But the downdraft has dented the stock prices of companies that represent innovation and the future too; Amazon is down more than 30% year-to-date and Alphabet, Google’s parent company, is down about 20% as investors rethink the real value of these companies.
Virtually no stock was spared from losses. The market decline has “gone on forever, and that’s depressing,” Ms Hill said.
Perhaps no one understood this emotional symbolism of the market better than Mr. Trump.
“The reason our stock market is so successful is because of me,” Trump said in November 2017 — one of several statements in which he boasted about rising stock prices or publicly pressured the Fed to lower interest rates further to stimulate the economy.
At the start of the pandemic, in April 2020 – with shops, offices and churches closed, children stuck at home trying to go to school remotely and morgues running out of space for virus victims – Mr. Trump tweeted that the United States had “the largest stock market increase since 1974.”
While a majority of Americans have money invested in the stock market, it remains a game of the rich. According to an analysis by New York University economics professor Edward Wolff, the richest 5% of Americans own 72% of all stocks.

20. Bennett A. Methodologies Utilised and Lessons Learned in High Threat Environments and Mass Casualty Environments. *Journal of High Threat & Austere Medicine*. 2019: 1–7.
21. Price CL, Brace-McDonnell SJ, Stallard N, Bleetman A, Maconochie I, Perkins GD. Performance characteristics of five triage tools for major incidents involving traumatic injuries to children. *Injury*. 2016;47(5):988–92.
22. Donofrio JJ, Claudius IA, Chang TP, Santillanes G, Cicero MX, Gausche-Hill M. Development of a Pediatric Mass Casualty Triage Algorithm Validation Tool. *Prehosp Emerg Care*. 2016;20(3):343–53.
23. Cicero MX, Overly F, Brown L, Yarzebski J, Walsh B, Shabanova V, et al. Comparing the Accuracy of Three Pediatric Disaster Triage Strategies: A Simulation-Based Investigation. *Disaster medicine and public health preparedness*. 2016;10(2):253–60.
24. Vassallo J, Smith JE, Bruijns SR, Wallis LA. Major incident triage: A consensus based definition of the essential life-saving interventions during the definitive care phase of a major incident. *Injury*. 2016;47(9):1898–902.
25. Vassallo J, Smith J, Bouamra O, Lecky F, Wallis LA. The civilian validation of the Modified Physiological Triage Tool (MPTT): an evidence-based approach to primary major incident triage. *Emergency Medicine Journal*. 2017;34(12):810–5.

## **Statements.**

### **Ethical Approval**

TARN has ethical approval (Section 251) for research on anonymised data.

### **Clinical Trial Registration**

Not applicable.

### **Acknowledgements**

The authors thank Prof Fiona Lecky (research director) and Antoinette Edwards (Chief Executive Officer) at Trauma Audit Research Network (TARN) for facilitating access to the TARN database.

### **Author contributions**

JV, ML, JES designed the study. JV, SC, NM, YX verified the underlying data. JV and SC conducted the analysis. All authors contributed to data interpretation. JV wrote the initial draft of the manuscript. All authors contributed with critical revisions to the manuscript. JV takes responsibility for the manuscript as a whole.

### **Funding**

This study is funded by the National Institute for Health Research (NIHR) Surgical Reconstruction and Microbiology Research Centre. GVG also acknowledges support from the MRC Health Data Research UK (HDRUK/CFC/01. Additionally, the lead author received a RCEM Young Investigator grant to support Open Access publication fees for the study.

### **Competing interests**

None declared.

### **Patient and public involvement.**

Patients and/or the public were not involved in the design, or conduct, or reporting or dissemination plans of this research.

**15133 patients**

But the symbolic value of the purse matters. “It’s the one story that’s making headlines every night,” said Richard Sylla, professor emeritus of economics at New York University’s Stern School of Business.
Is the market up or down? Are we winning or losing today, this week, this year, this presidency?
On Friday, the University of Michigan consumer confidence index fell lower than expected, a decline that some economists attribute in part to stock market losses. The index is now 13 points below the trough when Covid first hit, noted Ian Shepherdson, chief US economist at Pantheon Macroeconomics. Such deep pessimism “suggests that people have short memories,” Shepherdson wrote in a research note.